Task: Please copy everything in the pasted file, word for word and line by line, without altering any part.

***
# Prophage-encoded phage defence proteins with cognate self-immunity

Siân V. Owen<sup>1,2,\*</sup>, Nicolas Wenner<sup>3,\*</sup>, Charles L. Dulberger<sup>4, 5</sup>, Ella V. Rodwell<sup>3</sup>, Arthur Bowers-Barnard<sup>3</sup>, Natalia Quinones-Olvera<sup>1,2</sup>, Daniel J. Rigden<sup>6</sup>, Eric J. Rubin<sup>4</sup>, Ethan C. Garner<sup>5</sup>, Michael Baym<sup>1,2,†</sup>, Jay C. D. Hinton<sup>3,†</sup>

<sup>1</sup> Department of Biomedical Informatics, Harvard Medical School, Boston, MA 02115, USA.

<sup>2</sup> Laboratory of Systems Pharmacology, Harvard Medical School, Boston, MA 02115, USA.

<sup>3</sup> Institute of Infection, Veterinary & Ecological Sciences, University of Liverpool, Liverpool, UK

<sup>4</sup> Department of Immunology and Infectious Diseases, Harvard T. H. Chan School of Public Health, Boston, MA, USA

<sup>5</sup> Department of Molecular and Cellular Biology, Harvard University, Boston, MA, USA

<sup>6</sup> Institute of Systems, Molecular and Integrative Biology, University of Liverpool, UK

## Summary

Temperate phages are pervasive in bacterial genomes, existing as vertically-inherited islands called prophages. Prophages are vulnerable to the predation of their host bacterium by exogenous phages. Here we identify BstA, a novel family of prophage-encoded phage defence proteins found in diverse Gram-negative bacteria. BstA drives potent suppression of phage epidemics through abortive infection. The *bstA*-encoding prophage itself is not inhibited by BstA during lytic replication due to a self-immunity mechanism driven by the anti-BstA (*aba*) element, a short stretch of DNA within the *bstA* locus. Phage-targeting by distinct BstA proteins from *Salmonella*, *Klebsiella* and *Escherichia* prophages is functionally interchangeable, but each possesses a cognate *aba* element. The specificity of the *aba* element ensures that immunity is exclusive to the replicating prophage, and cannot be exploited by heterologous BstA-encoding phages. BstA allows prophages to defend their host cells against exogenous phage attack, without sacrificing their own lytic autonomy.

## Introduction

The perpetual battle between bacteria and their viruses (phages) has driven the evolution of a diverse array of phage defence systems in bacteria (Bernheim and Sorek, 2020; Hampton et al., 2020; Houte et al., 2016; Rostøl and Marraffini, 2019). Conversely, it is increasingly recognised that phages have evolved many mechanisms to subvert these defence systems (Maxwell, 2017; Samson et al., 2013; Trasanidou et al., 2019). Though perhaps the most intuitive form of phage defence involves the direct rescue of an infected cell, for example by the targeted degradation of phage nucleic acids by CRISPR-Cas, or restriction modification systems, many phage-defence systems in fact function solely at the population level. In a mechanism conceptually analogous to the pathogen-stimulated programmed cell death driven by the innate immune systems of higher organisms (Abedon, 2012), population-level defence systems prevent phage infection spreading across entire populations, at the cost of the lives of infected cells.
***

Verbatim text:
# Prophage-encoded phage defence proteins with cognate self-immunity

Siân V. Owen<sup>1,2,\*</sup>, Nicolas Wenner<sup>3,\*</sup>, Charles L. Dulberger<sup>4, 5</sup>, Ella V. Rodwell<sup>3</sup>, Arthur Bowers-Barnard<sup>3</sup>, Natalia Quinones-Olvera<sup>1,2</sup>, Daniel J. Rigden<sup>6</sup>, Eric J. Rubin<sup>4</sup>, Ethan C. Garner<sup>5</sup>, Michael Baym<sup>1,2,†</sup>, Jay C. D. Hinton<sup>3,†</sup>

<sup>1</sup> Department of Biomedical Informatics, Harvard Medical School, Boston, MA 02115, USA.

<sup>2</sup> Laboratory of Systems Pharmacology, Harvard Medical School, Boston, MA 02115, USA.

<sup>3</sup> Institute of Infection, Veterinary & Ecological Sciences, University of Liverpool, Liverpool, UK

<sup>4</sup> Department of Immunology and Infectious Diseases, Harvard T. H. Chan School of Public Health, Boston, MA, USA

<sup>5</sup> Department of Molecular and Cellular Biology, Harvard University, Boston, MA, USA

<sup>6</sup> Institute of Systems, Molecular and Integrative Biology, University of Liverpool, UK

## Summary

Temperate phages are pervasive in bacterial genomes, existing as vertically-inherited islands called prophages. Prophages are vulnerable to the predation of their host bacterium by exogenous phages. Here we identify BstA, a novel family of prophage-encoded phage defence proteins found in diverse Gram-negative bacteria. BstA drives potent suppression of phage epidemics through abortive infection. The *bstA*-encoding prophage itself is not inhibited by BstA during lytic replication due to a self-immunity mechanism driven by the anti-BstA (*aba*) element, a short stretch of DNA within the *bstA* locus. Phage-targeting by distinct BstA proteins from *Salmonella*, *Klebsiella* and *Escherichia* prophages is functionally interchangeable, but each possesses a cognate *aba* element. The specificity of the *aba* element ensures that immunity is exclusive to the replicating prophage, and cannot be exploited by heterologous BstA-encoding phages. BstA allows prophages to defend their host cells against exogenous phage attack, without sacrificing their own lytic autonomy.

## Introduction

The perpetual battle between bacteria and their viruses (phages) has driven the evolution of a diverse array of phage defence systems in bacteria (Bernheim and Sorek, 2020; Hampton et al., 2020; Houte et al., 2016; Rostøl and Marraffini, 2019). Conversely, it is increasingly recognised that phages have evolved many mechanisms to subvert these defence systems (Maxwell, 2017; Samson et al., 2013; Trasanidou et al., 2019). Though perhaps the most intuitive form of phage defence involves the direct rescue of an infected cell, for example by the targeted degradation of phage nucleic acids by CRISPR-Cas, or restriction modification systems, many phage-defence systems in fact function solely at the population level. In a mechanism conceptually analogous to the pathogen-stimulated programmed cell death driven by the innate immune systems of higher organisms (Abedon, 2012), population-level defence systems prevent phage infection spreading across entire populations, at the cost of the lives of infected cells.